'Mentality needs to be stronger' - Hibs head coach on defensive improvements and mentality ahead of Elgin City

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Hibs head coach David Gray opens up on the rising stars of the Easter Road outfit

David Gray is no stranger to the Hibs coaching set-up but he is just three days away from leading the side in his first match as permanent head coach.

The squad have enjoyed a hugely profitable pre-season training camp in the Netherlands, recently beating MSV Duisburg and PAOK 1-0 in friendlies, and will now make their final preparations ahead of their Scottish League Cup group stage clash against Elgin City this weekend.

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With only three days to go before the Hibees are back in action, Gray has been speaking on his defensive decisions and what’s next for Easter Road’s young guns.

The former right-back has opted to keep four at the back with many wondering whether this could be excessive. However, the 36-year-old has defended his decision by claiming that it is an area in which there is plenty of competition which the squad should not shy away from.

“It’s an area of the pitch where we have a lot of quality and competition. Chris Cadden has that flexibility of playing all the way up the right-hand side; Lewis Miller and Kanayo Megwa are flexible as well.

What I like about the three of them is that they’re all different. Cadden fills your forward-thinking full-back role, Lewis Miller’s athleticism means he can play multiple positions: he’s played right-wingback, right-back, we’ve seen him at centre-back now and he was very comfortable in that position so to have that luxury of three very good options for that position is great.

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“I don’t just see them as three players fighting for one position. We’re lucky to have players who can play more than one position.”

Speaking of 20-year-old Nigerian star Megwa, Gray added he hopes the rising starlet will soon go on to be a fixed figure in the starting XI but is aware there is work still to be done: “Kanayo played left-back against Duisburg and did well. It was a wee bit alien to him but it’s not as if he wasn’t comfortable enough. 

“I see him in the first team, being able to compete at this level. The challenge now for him is, can he become Hibs’ next right-back? There are two good options, two players who can play the same position as him, but if he’s good enough to go and take it then he’ll have the opportunity to do so.”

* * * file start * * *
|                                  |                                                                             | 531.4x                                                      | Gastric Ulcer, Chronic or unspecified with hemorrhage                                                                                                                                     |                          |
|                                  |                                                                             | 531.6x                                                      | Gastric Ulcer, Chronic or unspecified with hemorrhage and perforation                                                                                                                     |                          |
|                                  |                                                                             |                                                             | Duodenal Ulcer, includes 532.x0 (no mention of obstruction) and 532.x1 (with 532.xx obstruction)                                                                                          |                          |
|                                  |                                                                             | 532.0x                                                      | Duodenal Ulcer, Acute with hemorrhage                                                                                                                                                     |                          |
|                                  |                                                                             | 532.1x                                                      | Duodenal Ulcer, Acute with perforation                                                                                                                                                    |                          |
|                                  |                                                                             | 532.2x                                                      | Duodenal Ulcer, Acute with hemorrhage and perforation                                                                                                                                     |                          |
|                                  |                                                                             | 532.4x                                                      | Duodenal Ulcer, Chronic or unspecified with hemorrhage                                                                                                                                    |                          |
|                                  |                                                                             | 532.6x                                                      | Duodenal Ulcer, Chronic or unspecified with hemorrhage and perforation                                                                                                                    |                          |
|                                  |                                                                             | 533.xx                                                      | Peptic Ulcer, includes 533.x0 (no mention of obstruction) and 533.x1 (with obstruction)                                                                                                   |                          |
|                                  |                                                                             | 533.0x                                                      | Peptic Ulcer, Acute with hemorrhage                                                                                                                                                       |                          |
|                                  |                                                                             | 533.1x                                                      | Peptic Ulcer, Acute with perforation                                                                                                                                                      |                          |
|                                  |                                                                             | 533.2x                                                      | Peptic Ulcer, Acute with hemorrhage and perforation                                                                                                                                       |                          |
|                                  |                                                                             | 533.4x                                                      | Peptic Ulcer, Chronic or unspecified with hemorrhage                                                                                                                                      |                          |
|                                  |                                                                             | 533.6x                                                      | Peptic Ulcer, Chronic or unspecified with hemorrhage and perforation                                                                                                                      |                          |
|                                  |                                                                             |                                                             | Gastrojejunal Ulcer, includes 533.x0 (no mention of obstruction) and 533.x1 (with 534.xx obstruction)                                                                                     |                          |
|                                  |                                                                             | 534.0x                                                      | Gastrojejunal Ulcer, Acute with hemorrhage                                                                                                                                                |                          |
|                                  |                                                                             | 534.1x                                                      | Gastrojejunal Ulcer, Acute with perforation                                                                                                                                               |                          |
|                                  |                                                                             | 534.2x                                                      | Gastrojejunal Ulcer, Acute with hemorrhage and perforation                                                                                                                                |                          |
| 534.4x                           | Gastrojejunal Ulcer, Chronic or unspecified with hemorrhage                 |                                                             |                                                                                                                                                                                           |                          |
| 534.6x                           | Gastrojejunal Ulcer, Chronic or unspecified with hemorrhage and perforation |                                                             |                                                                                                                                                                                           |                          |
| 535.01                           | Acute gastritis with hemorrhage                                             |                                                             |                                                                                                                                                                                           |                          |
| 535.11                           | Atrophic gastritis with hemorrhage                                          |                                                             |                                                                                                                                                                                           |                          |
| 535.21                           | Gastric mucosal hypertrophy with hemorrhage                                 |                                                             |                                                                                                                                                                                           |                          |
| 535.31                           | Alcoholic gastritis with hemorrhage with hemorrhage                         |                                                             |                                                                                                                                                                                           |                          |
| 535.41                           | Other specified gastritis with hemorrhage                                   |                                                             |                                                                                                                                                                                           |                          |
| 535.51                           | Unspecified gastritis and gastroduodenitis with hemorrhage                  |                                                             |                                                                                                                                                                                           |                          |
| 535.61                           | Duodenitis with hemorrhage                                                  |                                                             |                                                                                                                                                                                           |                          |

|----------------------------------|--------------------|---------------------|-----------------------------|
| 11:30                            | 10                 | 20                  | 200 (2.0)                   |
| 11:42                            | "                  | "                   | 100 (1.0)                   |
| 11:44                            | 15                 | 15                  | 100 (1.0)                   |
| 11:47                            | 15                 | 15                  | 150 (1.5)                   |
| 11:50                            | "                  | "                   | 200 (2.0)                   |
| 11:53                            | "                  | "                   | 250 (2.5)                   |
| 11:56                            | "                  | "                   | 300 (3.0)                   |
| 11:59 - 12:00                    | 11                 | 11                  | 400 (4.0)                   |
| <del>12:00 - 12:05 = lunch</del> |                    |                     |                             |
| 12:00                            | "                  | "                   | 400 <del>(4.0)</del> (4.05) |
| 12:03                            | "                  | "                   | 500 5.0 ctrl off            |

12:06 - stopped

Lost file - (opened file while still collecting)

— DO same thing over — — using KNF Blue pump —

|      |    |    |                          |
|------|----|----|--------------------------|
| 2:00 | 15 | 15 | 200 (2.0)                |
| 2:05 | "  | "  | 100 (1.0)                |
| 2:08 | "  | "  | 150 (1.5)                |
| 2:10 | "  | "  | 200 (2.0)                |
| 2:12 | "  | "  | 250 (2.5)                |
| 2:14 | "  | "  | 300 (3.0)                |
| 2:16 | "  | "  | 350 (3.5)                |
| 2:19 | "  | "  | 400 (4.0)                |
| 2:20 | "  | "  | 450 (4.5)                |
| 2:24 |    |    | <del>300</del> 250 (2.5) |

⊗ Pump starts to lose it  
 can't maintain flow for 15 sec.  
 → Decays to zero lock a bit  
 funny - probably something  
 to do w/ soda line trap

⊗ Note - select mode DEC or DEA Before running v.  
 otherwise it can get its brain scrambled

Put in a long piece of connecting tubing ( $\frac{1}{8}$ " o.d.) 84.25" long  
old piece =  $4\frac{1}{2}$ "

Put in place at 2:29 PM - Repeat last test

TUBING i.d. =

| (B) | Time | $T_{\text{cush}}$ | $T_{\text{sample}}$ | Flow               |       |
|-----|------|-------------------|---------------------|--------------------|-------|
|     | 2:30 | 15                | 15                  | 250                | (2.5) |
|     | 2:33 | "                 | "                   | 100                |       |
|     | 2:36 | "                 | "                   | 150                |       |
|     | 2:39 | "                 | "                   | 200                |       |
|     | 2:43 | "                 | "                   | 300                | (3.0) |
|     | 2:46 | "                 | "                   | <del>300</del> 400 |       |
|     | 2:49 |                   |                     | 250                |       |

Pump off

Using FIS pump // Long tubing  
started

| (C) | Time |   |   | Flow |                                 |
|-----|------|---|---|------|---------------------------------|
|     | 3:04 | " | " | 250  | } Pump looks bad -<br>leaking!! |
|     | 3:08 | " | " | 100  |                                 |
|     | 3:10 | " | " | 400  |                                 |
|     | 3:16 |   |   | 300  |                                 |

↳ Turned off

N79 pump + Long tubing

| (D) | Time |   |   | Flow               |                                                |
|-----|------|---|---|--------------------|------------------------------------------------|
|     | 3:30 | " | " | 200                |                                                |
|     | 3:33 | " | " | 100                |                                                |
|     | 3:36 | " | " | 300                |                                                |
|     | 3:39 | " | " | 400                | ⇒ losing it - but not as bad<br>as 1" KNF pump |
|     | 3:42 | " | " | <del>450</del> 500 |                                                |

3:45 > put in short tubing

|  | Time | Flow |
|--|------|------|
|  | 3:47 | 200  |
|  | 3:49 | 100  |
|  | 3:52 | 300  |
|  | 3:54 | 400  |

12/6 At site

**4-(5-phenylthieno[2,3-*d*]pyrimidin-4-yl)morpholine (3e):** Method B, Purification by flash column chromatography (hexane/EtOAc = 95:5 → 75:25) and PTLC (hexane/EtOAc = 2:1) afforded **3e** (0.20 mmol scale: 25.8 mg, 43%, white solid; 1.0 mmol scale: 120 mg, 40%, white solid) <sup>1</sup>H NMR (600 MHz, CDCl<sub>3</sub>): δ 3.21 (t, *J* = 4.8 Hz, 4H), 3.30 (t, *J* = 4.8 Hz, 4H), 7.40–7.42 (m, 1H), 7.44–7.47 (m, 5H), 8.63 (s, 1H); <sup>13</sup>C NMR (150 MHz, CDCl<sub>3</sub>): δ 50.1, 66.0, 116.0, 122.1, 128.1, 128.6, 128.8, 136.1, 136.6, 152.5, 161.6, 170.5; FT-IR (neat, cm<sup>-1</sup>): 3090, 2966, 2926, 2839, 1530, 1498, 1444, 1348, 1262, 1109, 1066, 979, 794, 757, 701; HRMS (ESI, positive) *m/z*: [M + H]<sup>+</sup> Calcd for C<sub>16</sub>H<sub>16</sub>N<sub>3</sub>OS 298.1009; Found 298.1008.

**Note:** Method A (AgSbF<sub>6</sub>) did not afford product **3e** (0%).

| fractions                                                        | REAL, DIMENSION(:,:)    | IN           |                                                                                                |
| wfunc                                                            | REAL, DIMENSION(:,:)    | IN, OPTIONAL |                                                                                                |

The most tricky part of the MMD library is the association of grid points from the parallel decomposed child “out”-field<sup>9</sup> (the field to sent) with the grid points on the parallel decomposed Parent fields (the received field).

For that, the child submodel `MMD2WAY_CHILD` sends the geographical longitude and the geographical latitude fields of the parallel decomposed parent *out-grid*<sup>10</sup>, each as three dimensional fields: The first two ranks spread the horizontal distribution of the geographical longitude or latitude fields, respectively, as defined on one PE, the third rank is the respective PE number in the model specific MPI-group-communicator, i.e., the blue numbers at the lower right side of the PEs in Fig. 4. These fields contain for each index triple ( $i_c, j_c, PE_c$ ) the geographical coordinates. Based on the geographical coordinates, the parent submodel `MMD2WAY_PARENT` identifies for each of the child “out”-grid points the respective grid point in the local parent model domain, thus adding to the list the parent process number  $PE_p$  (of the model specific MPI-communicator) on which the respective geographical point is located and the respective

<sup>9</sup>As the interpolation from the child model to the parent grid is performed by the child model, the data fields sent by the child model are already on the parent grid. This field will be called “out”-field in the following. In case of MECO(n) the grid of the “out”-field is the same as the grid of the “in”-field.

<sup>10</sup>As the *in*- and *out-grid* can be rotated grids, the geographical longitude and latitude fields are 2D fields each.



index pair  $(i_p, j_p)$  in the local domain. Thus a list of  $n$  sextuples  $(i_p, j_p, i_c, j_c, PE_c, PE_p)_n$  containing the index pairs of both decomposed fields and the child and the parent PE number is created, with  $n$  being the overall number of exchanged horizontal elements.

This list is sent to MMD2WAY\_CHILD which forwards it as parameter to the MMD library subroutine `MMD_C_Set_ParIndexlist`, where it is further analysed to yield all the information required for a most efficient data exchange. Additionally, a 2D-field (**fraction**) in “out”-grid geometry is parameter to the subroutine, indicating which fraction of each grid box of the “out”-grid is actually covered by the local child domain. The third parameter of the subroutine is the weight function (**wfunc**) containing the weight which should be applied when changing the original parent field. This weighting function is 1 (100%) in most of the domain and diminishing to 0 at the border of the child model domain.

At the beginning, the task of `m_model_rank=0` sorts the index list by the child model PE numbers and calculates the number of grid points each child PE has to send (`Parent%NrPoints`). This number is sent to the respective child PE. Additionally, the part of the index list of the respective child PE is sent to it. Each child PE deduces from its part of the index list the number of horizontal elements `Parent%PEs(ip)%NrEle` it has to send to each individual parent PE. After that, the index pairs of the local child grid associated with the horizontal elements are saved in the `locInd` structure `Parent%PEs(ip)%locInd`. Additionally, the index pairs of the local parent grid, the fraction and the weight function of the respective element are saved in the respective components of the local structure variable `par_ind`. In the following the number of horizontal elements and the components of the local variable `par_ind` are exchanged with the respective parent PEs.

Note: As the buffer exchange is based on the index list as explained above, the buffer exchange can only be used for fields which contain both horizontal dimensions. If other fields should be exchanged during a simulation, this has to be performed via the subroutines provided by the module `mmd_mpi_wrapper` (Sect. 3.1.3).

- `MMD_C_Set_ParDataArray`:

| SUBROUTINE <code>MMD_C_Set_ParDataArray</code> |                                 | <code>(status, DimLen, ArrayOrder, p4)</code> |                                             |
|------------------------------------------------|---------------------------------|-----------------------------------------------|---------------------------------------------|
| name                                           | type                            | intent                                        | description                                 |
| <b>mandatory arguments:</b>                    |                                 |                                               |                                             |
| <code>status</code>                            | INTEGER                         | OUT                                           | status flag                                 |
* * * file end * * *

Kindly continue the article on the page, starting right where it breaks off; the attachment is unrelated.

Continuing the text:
Megwa is not the only youngster, however, causing excitement ahead of the 2024/25 season with 16-year-old Rory Whittaker preparing for another season in Leith.

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When asked what the next steps could be for the right-back, Gray noted: “What I love about Rory is his attitude. When he comes and trains with the first team you’d think he’d been there his whole life.

“He tries things, he’s not scared to give the ball away, his reaction is always good. He’s got some developing to do physically, I think everyone can see that, and it’s a challenge for us as a club to keep pushing him on that, but we also need to remember he’s only 16.

“So he needs to be playing regularly. You don’t want him to play as many games as he did last season and only be four or five games as a squad player. Can he develop and potentially get more games under his belt? So that’s something we’re looking at, to see how that balance goes, depending on what comes forward.”

With Gray drastically hopeful that the 2024/25 campaign will see a huge improvement on the squad’s 2023/24 finishing position - eighth or second in the post-split relegation battle - the former Hibee has admitted that a huge part of the necessary changes boil down to the squad’s mindset and has admitted to Edinburgh News: “As a group, we need to be better defensively.

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“The mindset going into the last 10-15 minutes needs to be better, or recognition of what’s required in the game - is it a substitution, or something else, and it’s up to me and the coaching team to identify that to help the players.

“The mentality of the group needs to be stronger to have that ruthlessness to ensure we defend the goal with our lives, especially late on in games or, the flip side to that, if we’re pushing for goals in the game to make sure we’re doing it right to the very end.

“What we’re trying to do is have that fitness in the bank, and a way of working, and a ruthlessness to try to ensure we’re better defensively and mentally.”

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